Our editorial: Deal should lead to state rights on pot
President Donald Trump is apparently overriding his attorney general on interfering with state marijuana laws, and in doing so provided some clarity for Michigan voters who may be considering a recreational pot measure on the November ballot.
In a deal reached with Colorado Sen. Cory Gardner, Trump pledged to stop Attorney General Jeff Sessions from voiding an Obama-era policy to not meddle with states that had legalized marijuana use.
Gardner, a Republican member of the Judiciary Committee, had for three months been blocking Trump’s judicial nominees to protest Session’s intentions. Recreational use of pot is legal under Colorado state law.
Trump also said he would back a federal bill that would establish a state’s right to set its own laws on marijuana use.
There’s been no comment from the Justice Department on whether Sessions will abide by the agreement.
That information would be useful to Michigan voters, who likely will be asked in a proposal this fall to more broadly legalize pot. State voters approved medical marijuana use a decade ago.
A majority of states allow marijuana use for medical reasons, and eight states and Washington, D.C., have legalized recreational pot. Michigan is among several states that likely will consider joining the recreational use group this fall.
But marijuana cultivation, distribution and use is still illegal under federal law.
Should Sessions ignore his boss and follow through with his plan to enforce federal law in states that have legalized marijuana, it will in effect overturn those state laws, or create a constitutional clash in the courts.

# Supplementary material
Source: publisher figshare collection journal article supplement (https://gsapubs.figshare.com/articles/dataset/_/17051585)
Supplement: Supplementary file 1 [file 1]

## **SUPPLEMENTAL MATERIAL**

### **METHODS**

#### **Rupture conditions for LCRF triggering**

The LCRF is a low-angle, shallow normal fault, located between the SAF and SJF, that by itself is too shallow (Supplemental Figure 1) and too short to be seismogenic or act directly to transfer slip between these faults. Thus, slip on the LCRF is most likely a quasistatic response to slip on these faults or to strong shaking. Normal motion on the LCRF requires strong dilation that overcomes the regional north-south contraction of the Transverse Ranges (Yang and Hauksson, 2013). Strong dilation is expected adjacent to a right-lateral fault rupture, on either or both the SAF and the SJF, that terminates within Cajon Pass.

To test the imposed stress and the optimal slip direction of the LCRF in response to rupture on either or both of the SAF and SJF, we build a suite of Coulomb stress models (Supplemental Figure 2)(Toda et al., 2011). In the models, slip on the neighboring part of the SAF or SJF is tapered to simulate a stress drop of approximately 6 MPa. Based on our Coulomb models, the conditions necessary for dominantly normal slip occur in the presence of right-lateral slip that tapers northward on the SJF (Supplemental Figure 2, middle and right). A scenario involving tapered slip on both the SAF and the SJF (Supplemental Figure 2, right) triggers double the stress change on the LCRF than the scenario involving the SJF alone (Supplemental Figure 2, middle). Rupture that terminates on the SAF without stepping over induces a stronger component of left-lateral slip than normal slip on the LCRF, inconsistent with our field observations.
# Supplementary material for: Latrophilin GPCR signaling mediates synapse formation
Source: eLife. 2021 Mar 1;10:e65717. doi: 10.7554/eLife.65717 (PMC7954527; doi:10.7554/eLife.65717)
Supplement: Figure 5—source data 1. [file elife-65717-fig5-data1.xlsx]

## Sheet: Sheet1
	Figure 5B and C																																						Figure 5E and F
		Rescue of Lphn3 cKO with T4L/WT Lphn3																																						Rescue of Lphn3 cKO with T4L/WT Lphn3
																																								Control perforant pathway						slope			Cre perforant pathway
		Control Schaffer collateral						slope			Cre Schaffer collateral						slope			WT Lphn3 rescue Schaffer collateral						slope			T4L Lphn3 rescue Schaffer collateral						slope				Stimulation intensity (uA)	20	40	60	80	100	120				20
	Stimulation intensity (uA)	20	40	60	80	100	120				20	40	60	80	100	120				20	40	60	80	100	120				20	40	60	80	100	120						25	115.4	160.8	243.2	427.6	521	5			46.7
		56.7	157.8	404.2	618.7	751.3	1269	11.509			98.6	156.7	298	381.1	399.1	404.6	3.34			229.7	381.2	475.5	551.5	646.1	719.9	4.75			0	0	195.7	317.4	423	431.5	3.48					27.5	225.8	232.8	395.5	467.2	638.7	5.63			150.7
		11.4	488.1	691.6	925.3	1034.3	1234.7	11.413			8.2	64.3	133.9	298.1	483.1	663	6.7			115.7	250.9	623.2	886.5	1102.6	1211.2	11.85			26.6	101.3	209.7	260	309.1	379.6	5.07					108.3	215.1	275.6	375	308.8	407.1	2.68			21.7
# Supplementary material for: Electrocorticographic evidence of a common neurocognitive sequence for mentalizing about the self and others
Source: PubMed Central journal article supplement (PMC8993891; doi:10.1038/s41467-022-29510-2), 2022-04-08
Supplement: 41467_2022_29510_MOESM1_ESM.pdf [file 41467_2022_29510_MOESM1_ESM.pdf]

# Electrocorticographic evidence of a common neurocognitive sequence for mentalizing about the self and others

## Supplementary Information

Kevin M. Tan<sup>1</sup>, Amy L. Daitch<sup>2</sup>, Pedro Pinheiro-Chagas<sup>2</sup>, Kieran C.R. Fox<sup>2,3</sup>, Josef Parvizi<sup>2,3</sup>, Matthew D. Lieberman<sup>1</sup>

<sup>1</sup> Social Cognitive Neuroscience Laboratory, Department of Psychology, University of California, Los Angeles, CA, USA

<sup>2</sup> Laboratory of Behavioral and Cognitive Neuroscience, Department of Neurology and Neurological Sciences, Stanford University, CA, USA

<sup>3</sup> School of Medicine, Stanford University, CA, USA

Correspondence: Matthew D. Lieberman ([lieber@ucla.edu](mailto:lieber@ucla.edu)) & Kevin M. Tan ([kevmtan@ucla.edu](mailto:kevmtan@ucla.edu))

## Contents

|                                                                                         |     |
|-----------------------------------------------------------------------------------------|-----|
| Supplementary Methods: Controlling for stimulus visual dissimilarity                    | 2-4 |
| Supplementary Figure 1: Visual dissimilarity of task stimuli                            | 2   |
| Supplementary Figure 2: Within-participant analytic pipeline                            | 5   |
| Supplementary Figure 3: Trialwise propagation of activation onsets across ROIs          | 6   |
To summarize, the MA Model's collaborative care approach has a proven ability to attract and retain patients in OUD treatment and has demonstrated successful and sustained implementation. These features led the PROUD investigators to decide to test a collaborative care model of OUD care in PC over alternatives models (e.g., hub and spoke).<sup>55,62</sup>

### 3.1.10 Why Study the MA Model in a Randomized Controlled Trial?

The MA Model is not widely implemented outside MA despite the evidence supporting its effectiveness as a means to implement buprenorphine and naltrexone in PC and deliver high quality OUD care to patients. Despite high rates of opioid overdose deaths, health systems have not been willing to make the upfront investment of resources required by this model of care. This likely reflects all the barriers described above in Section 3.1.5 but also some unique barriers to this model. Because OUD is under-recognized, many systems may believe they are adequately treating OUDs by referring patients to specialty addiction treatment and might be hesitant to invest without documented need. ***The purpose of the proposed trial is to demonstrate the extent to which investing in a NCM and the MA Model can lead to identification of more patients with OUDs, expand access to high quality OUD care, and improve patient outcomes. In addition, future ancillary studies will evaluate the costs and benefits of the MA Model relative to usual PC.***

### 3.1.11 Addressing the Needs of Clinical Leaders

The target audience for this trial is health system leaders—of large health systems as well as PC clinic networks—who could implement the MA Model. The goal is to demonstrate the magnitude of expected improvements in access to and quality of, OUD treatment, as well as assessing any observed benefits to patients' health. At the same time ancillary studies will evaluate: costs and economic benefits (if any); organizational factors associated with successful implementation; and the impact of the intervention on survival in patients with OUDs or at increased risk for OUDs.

Marijuana distributors and users who comply with state policy still could find themselves facing criminal charges at the federal level.
Trump’s deal with Gardner should keep Sessions at bay. But Congress still should codify the policy of allowing state laws to prevail on marijuana use.
And it should go further and declassify marijuana as a Schedule 1 drug, which places it in the same category as more dangerous narcotics such as heroin and cocaine.
In addition, changes in federal laws are needed to allow those in the marijuana industry access to the banking system and credit markets. If marijuana is to be a legal enterprise, it should be treated as such in all aspects.
States need certainty and consistency in crafting their marijuana licensing and regulatory policies.
Those engaged in selling and using marijuana in states where it is legal shouldn’t have to constantly look over their shoulders for federal law enforcement officers.
The deal Trump and Gardner reached is a good first step, but it does not bear the weight of law. Policy could easily change again.
Congress should now take the lead and pass legislation that turns over the regulating of marijuana to the states.